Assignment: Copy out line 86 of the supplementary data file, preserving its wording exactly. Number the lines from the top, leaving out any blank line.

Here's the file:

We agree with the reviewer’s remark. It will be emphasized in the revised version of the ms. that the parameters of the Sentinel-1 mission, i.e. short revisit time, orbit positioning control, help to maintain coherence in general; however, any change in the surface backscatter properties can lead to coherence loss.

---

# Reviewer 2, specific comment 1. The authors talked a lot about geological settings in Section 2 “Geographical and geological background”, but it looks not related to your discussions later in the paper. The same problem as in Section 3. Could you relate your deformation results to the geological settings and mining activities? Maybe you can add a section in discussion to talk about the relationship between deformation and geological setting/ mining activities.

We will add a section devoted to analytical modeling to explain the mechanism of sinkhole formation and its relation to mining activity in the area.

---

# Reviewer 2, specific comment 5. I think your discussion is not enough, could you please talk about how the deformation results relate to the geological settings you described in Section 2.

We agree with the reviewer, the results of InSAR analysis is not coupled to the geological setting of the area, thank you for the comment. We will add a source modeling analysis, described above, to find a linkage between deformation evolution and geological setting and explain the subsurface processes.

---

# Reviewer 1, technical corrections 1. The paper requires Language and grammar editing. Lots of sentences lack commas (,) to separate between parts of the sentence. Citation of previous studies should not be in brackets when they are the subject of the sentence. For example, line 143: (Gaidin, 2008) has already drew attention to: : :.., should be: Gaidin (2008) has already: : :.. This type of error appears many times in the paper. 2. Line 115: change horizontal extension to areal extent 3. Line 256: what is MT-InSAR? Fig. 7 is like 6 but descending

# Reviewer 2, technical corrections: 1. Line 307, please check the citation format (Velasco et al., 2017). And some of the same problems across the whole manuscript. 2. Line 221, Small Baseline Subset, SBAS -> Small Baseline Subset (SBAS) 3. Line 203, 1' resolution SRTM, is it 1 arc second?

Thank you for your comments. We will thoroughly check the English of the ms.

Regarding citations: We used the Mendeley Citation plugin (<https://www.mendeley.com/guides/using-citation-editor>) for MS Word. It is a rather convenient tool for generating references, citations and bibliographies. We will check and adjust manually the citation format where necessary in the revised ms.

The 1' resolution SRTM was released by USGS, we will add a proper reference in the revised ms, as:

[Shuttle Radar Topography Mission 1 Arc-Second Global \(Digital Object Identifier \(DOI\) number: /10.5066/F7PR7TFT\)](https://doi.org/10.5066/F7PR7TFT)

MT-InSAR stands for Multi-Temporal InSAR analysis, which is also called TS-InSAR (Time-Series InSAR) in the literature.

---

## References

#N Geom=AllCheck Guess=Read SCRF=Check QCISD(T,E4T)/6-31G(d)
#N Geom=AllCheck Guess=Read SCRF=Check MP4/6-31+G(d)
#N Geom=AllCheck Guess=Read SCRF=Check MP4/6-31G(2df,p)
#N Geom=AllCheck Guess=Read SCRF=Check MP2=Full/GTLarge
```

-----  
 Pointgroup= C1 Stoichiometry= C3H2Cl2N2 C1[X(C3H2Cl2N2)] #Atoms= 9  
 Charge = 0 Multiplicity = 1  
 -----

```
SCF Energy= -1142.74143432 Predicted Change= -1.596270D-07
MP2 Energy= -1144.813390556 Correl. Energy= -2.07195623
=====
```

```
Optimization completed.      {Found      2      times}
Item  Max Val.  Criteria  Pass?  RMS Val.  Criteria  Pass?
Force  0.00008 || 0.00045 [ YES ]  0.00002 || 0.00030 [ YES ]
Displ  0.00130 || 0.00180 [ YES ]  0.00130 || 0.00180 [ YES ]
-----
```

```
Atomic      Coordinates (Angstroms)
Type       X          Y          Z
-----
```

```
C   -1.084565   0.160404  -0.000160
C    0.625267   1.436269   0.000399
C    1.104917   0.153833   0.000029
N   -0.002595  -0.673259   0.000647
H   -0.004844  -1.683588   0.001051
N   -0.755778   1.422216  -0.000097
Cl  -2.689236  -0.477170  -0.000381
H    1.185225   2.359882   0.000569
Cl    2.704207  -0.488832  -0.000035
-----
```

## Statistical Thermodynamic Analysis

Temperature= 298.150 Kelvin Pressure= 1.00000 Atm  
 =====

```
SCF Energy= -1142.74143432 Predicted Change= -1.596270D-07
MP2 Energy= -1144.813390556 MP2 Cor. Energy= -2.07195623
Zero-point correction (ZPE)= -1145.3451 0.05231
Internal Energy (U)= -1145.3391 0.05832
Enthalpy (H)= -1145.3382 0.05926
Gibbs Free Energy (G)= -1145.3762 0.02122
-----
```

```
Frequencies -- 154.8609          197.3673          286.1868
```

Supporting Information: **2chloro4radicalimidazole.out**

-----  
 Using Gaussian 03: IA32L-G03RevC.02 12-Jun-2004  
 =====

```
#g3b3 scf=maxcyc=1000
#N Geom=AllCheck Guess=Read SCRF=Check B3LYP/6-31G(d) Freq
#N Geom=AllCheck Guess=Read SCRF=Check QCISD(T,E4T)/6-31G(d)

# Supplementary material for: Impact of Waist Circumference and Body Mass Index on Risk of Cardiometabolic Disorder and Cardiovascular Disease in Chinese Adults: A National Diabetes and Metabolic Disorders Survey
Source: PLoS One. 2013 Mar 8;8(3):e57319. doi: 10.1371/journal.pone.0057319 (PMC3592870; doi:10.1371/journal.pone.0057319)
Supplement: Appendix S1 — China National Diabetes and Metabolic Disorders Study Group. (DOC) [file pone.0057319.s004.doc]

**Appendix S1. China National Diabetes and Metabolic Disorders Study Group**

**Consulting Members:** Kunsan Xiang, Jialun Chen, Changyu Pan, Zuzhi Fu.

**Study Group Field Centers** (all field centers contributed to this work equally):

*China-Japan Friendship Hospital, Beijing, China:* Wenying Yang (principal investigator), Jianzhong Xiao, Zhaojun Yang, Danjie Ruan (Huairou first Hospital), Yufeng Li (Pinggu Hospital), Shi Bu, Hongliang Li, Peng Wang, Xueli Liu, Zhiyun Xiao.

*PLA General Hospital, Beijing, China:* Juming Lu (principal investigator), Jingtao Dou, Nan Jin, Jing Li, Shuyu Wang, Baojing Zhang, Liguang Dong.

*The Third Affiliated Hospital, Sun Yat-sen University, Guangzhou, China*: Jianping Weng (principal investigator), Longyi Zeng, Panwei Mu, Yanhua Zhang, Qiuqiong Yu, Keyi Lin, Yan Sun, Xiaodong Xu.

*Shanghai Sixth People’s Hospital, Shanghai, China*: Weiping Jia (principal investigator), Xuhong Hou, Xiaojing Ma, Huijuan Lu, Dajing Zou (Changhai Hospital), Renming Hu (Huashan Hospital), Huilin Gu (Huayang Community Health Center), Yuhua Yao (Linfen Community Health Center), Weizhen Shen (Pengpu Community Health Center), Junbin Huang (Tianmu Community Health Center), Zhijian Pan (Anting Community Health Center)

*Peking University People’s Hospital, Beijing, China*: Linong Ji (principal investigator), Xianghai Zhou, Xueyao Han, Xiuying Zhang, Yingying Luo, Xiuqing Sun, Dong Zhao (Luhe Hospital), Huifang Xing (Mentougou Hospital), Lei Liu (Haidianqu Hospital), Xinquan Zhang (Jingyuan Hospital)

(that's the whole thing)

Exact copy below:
*PLA General Hospital, Beijing, China:* Juming Lu (principal investigator), Jingtao Dou, Nan Jin, Jing Li, Shuyu Wang, Baojing Zhang, Liguang Dong.